Discharging treated wastewater into the Cook Strait is among options Wellington City Council is considering as it deals with loss of income due to coronavirus restrictions.
Councillor Sean Rush, Infrastructure Three Waters portfolio leader, said no decision has been made but discussions are ongoing.
A meeting to hear the views of Wellington Water and local iwi is planned for tomorrow, he said.
"I know this is a disaster for mana whenua so need to get the right people in the room.
"We all realise we are in a difficult place and as Wellingtonians we want to get through this," Mr Rush said.
The proposal would see an outfall at Moa Point reinstated to deposit treated wastewater two kilometres into Cook Strait.
"We know it would be an option... a lot of people would be violently opposed to it," a Wellington City Council spokesperson said.
Mr Rush said he is aware of the environmental risk but is seeking further advice on this as he understands an initial report for the outfall said the waste being treated meant there was no hazard.
Since pipelines broke earlier this year, more than a million litres of waste has been transported by trucks every day from Moa Point treatment plant to the city's landfill.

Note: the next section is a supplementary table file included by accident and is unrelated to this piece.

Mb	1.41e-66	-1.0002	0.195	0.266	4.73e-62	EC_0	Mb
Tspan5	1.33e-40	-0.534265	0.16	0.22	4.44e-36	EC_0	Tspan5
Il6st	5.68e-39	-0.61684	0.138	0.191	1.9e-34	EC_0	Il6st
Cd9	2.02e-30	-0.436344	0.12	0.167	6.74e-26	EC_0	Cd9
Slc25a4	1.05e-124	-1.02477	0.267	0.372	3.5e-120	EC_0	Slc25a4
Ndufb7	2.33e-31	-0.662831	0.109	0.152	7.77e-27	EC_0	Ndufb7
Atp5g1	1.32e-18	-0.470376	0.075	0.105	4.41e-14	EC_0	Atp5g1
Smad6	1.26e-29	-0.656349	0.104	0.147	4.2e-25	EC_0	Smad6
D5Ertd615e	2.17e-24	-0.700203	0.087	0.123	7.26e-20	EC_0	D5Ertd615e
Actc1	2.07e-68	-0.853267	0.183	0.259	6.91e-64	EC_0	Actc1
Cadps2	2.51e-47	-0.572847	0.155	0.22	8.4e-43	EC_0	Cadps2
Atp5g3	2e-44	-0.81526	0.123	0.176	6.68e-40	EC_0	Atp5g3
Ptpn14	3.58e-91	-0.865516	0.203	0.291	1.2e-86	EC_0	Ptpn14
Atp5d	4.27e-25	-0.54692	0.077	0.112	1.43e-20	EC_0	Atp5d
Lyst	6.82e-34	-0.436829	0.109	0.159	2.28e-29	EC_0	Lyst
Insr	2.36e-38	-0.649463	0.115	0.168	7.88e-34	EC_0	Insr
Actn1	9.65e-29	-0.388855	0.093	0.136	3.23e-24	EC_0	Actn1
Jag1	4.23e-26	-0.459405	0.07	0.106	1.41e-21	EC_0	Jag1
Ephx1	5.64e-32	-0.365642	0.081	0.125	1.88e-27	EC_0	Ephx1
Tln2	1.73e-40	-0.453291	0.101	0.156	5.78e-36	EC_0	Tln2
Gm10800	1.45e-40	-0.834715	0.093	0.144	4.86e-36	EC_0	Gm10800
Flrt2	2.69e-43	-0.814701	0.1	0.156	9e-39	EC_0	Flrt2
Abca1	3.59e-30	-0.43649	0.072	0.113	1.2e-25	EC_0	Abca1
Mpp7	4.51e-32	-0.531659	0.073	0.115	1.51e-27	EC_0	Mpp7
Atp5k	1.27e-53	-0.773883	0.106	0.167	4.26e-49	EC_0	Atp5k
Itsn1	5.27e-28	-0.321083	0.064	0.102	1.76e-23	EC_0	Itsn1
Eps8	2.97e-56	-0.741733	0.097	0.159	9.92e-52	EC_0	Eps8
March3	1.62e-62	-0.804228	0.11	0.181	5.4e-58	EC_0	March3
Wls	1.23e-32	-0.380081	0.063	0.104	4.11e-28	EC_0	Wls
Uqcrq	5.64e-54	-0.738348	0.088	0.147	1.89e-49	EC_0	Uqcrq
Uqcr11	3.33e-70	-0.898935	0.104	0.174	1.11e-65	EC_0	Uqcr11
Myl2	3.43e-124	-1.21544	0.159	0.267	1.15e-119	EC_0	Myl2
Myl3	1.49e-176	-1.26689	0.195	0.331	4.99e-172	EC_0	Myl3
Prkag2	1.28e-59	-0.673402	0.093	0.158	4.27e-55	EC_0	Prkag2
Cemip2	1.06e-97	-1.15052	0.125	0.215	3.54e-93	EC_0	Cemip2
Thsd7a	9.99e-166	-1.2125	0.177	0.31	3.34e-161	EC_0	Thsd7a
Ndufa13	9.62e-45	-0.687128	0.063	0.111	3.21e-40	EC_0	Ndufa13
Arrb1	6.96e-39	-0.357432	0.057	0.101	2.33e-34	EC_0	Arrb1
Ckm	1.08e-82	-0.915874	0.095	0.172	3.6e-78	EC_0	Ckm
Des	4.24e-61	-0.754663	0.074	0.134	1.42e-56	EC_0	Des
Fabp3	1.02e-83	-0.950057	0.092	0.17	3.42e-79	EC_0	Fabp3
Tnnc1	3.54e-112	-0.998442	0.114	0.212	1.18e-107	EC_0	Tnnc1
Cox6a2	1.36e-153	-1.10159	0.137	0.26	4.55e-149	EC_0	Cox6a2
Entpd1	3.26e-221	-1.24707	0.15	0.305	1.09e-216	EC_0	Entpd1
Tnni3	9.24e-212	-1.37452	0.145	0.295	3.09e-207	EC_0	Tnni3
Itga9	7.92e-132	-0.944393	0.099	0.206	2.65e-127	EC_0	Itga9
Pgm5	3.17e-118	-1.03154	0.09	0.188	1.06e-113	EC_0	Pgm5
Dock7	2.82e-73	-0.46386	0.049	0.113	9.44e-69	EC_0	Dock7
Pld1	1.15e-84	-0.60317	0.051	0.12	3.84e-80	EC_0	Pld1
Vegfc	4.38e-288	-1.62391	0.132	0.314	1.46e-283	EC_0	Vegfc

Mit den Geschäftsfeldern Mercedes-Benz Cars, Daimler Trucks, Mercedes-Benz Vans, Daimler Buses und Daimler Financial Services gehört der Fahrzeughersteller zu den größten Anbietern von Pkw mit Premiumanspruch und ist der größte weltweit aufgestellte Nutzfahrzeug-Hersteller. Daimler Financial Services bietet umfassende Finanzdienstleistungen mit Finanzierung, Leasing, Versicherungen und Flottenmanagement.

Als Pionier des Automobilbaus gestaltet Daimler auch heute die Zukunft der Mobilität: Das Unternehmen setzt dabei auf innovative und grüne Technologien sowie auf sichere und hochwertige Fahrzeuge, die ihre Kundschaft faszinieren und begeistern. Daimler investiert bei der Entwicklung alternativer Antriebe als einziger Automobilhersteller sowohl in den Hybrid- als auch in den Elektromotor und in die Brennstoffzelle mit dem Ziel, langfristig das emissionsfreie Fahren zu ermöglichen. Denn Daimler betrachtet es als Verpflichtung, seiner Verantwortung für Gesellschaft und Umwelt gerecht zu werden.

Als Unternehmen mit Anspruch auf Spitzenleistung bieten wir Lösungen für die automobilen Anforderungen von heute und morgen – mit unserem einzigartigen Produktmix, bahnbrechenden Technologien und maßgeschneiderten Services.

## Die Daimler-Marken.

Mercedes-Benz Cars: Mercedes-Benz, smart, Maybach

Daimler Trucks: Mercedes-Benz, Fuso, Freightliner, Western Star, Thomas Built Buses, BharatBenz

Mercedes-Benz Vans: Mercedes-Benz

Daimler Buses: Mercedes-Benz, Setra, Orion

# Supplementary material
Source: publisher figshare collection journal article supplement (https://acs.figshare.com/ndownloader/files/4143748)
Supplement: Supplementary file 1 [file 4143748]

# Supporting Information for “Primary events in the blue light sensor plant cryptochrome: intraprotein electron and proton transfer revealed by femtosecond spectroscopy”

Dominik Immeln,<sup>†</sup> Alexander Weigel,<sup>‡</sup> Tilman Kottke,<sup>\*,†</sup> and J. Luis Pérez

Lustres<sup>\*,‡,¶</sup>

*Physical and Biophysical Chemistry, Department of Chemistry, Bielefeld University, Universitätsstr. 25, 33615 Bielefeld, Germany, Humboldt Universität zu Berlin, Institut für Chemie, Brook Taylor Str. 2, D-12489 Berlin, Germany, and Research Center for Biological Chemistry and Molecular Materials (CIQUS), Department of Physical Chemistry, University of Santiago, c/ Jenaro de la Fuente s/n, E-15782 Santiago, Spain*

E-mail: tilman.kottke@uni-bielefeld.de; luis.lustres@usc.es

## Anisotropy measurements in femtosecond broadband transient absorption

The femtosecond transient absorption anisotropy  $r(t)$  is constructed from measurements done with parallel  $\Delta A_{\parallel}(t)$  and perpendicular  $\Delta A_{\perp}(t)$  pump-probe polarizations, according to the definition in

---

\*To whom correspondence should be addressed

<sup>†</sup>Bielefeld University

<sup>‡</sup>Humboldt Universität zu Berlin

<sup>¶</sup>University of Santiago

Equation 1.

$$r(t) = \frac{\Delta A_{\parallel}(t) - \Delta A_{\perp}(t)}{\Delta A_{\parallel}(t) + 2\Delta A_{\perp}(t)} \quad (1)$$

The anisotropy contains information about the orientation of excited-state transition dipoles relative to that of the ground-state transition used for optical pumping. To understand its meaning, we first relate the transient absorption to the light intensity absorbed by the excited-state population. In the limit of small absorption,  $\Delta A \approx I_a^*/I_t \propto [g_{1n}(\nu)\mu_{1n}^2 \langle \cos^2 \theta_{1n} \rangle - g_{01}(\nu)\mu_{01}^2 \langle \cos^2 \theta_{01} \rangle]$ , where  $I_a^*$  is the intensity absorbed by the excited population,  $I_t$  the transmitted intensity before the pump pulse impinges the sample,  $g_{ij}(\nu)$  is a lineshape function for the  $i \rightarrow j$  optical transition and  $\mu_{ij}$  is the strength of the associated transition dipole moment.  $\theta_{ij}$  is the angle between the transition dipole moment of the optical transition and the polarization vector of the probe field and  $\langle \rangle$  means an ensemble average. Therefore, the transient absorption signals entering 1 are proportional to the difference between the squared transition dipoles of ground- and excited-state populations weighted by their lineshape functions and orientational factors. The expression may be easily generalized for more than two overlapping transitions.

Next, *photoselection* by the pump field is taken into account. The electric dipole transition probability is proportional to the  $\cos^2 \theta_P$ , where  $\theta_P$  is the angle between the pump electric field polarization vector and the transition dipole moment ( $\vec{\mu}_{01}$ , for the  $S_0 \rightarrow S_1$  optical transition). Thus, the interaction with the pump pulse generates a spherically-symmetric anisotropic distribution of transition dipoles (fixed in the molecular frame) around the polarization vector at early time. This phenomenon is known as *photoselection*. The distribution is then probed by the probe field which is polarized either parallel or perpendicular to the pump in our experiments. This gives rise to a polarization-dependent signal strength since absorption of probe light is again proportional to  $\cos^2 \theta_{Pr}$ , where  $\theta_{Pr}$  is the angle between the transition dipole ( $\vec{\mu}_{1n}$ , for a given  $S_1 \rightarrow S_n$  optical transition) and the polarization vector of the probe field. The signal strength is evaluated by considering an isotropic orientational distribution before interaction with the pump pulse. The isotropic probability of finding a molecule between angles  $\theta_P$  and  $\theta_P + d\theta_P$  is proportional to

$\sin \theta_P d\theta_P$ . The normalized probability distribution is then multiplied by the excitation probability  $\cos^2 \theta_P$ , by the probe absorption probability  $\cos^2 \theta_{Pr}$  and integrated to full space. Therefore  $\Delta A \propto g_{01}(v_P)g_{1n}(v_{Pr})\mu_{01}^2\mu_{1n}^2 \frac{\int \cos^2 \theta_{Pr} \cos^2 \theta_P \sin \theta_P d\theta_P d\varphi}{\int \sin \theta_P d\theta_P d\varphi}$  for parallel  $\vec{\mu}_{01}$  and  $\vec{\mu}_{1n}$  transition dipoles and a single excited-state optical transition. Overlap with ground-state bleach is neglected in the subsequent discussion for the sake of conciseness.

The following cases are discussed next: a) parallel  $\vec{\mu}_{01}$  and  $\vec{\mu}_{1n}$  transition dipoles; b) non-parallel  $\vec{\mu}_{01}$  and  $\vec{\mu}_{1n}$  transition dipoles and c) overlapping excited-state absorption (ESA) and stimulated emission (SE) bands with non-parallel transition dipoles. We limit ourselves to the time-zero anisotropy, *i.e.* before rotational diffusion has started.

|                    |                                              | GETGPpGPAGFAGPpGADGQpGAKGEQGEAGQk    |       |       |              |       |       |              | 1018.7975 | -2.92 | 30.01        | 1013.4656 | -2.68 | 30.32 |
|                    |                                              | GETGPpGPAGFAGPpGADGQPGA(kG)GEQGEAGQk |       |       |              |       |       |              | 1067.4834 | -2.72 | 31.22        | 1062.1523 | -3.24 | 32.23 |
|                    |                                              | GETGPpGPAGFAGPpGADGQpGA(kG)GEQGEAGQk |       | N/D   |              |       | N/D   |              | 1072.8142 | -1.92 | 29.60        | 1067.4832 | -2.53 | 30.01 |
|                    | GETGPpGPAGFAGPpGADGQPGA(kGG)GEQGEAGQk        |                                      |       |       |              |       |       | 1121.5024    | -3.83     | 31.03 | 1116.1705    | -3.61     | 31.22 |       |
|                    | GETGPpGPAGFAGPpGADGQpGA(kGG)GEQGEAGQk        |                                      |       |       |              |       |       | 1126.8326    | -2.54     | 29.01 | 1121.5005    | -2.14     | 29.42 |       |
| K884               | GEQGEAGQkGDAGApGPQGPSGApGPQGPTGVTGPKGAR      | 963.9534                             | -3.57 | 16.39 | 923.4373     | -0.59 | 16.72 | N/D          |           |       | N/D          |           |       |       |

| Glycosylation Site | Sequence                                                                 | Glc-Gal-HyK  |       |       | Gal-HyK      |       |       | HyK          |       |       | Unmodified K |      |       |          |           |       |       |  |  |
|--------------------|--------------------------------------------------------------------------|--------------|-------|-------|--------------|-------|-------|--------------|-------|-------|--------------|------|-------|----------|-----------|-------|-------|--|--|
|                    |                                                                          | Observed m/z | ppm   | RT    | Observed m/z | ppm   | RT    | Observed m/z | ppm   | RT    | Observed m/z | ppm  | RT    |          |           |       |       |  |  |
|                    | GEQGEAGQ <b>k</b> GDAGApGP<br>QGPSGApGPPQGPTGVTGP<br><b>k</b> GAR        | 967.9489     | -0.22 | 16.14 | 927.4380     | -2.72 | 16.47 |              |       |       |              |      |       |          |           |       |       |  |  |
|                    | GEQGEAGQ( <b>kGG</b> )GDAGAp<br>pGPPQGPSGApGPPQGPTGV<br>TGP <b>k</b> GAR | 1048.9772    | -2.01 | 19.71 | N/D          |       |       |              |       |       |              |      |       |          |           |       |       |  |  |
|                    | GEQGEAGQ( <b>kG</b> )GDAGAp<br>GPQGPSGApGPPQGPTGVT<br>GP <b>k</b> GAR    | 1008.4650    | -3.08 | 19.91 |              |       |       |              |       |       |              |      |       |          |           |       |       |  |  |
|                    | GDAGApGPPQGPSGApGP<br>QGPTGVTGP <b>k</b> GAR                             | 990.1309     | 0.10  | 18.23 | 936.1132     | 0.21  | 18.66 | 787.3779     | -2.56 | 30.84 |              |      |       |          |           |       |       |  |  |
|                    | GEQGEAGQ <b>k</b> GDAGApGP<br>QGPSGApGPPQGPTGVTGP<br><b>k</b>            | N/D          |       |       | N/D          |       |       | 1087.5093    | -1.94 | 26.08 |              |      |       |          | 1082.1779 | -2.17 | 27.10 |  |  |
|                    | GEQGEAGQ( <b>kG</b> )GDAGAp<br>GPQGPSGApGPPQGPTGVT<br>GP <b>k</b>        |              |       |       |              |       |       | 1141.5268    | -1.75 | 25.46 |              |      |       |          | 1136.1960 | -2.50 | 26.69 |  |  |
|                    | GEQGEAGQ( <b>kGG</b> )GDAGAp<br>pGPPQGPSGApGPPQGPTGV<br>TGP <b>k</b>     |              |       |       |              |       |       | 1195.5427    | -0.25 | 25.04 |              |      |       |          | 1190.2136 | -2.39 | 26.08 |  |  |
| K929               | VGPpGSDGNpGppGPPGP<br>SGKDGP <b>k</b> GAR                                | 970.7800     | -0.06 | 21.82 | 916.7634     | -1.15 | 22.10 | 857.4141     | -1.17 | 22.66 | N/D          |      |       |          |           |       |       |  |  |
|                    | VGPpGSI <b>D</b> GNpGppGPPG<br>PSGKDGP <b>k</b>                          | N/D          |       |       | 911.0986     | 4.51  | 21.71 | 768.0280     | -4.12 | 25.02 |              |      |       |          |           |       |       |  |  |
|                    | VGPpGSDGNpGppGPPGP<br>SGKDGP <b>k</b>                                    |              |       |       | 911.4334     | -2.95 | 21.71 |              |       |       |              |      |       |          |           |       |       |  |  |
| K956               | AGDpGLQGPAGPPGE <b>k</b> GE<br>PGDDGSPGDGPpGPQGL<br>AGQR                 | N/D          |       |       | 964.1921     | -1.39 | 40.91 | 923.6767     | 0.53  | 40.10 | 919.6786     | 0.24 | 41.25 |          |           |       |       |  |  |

Mr Rush said that's costing around $650,000 a week.
Other options being considered include asking transporters for a reduced cost and repaying the ongoing cost of transport over 10 years with a loan, he said.
The treated waste has to be mixed with other material as part of the consent for dumping the liquid at the landfill, but with pandemic restrictions in place green waste is unavailable so dirt and stone is being used.
This mix is filling up available space twelve times as quickly, Mr Rush said.
"I recognise this is confronting for a lot of people but leadership isn't about making easy decisions.
"We need to have the right evidence, right people and right discussions," he said.
The fix for the failed pipes is a polyster woven liner which will be spread between the ends of both pipes and expanded to work as a pipeline within the old system.
The delivery of this item from a German manufacturer has been delayed due to restrictions on business production put in place by their government, Wellington Water previously stated.
The liners are expected to arrive in Wellington in mid-May, Wellington Water chief executive Colin Crampton said in a statement in late March.
"We appreciate the ongoing patience and understanding of the communities in the area. Trucking operations are not ideal from anyone's perspective, but they are successfully keeping millions of litres of wastewater from flowing into Cook Strait," he said.
Councillor Sean Rush has raised concerns that that there could be further delay in the delivery of the liners or with the challenging repair job.
"Every day we delay is another $100,000," he said.
Wellington Water chief executive Colin Crampton said the long-term aim should be stopping waste being dumped in the landfill, with alternatives being investigated at the moment.